The CO_{2} production rate, with fractionation ignored, is
In this article, we use maximum likelihood estimation based on the multipoint method. Confidence limits for energy expenditure are obtained from the log likelihood surface so that methods of propagation of error variances through nonlinear functions are not necessary. Also, instead of treating the logs of the isotope enrichments as univariate regressions, the pair of observations ^{2}H and^{18}O are treated as a bivariate regression, with correlation between the two observations in the pair. In the analysis of doubly labeled water data, the problem can be somewhat more complicated if one of the measurements at a given time is missing. The other observation can be discarded, but this is a waste of information. If each urine sample is split and analyzed twice, it is possible to estimate the measurement error (analytical variance of the laboratory) as well as the physiological variance of the subject. Prentice (Appendix 4.2, p. 290–293 of Ref. 10) discusses the effect of autocorrelated errors on linear regression and states that “the effect of autocorrelation is to reduce the advantage of the multipoint method.” It is also stated that
Because autocorrelation between errors may arise naturally or may arise from attempting to fit an incorrect model, we recommend that if there are ten or more equallyspaced data points, the autocorrelation coefficient for the residuals is obtained. A high absolute value may help to identify wrongly specified models.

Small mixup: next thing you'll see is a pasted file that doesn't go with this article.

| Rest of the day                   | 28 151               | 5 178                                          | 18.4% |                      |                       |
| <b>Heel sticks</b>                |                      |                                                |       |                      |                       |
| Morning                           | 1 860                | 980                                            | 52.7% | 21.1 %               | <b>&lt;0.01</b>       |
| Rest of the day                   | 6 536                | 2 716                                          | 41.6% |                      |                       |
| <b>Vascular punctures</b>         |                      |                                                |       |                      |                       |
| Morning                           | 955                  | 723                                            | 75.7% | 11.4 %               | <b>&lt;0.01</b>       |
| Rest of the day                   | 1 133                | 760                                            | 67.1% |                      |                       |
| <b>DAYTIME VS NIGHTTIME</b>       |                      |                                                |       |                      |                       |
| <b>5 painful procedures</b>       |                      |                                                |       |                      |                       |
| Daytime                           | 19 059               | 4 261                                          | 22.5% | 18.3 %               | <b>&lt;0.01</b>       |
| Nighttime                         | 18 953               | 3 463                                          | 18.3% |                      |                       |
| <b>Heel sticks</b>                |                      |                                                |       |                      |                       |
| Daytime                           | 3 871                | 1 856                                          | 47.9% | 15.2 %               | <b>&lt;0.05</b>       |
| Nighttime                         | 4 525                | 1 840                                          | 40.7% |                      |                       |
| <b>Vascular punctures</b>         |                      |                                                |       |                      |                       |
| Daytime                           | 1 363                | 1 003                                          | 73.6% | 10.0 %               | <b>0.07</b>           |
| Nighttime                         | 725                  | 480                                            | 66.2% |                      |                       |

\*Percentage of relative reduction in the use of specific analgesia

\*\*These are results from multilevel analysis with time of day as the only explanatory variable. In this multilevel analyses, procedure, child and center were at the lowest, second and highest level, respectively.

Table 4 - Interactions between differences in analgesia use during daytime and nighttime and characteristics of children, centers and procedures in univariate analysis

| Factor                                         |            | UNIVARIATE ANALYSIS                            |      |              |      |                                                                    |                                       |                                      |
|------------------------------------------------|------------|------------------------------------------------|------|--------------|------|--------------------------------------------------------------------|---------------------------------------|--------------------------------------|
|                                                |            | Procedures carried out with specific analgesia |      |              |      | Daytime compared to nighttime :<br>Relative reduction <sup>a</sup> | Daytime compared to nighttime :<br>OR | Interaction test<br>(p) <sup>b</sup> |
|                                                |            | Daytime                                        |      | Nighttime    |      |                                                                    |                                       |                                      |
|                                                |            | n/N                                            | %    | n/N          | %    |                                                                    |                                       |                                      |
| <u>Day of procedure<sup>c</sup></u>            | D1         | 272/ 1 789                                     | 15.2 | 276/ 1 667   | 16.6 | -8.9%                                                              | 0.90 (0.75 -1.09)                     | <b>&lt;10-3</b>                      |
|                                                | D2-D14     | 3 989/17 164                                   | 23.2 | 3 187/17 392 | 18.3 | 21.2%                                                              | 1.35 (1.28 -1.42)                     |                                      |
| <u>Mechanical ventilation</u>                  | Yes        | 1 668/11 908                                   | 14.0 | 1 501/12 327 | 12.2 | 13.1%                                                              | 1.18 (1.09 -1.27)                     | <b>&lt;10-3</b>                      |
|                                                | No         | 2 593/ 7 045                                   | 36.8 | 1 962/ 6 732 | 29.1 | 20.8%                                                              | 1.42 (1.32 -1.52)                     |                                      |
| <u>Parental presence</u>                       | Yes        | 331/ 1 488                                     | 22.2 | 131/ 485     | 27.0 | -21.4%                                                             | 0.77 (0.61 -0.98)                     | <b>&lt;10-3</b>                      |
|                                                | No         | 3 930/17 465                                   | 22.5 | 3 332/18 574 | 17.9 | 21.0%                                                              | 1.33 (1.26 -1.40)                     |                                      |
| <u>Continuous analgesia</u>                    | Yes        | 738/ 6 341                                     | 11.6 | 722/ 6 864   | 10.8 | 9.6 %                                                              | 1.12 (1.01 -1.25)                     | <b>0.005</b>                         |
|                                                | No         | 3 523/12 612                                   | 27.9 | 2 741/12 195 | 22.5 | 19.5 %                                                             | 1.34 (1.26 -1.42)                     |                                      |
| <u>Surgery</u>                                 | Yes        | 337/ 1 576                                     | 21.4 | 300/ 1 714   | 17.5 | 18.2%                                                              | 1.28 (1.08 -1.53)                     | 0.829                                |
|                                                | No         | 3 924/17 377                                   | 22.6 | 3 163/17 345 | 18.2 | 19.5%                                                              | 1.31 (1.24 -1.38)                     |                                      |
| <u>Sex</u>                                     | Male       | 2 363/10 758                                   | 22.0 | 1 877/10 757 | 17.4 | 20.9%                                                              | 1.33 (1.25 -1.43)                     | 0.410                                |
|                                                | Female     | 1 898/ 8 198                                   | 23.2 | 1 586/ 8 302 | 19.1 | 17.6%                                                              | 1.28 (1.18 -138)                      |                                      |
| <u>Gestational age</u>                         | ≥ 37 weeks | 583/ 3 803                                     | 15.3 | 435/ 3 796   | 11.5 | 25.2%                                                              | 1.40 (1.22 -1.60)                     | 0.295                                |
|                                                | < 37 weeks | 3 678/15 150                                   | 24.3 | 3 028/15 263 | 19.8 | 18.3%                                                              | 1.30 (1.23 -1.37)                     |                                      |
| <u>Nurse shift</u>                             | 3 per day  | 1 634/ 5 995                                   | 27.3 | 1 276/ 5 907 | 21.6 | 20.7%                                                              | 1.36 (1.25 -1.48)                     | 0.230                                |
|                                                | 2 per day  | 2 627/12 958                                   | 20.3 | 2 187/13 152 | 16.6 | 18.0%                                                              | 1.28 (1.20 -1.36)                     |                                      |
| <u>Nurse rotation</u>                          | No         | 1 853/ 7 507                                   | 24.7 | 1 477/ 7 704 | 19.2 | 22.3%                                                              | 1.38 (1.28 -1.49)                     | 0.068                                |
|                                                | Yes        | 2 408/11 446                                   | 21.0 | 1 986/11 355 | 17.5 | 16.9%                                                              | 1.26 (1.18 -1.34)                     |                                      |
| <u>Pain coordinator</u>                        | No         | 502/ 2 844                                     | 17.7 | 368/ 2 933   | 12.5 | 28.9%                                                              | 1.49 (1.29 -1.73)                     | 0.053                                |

Autocorrelation is also referred to as serial correlation. Serial correlation can be observed in residual plots when the residuals seem to have systematic excursions rather than a random appearance. Serial correlation does not affect the position of the fitted line very much, but it does affect confidence intervals of estimates in a nonconservative way. If serial correlation exists and is ignored in the model, the confidence intervals will be too narrow. In this paper we take the approach that serial correlation in the errors can be modeled, even for unequally spaced data, and tested using likelihood ratio tests to determine whether the serial correlation is statistically significant (6). If serial correlation is present in the data, the error model gives more appropriate statistical tests and confidence intervals.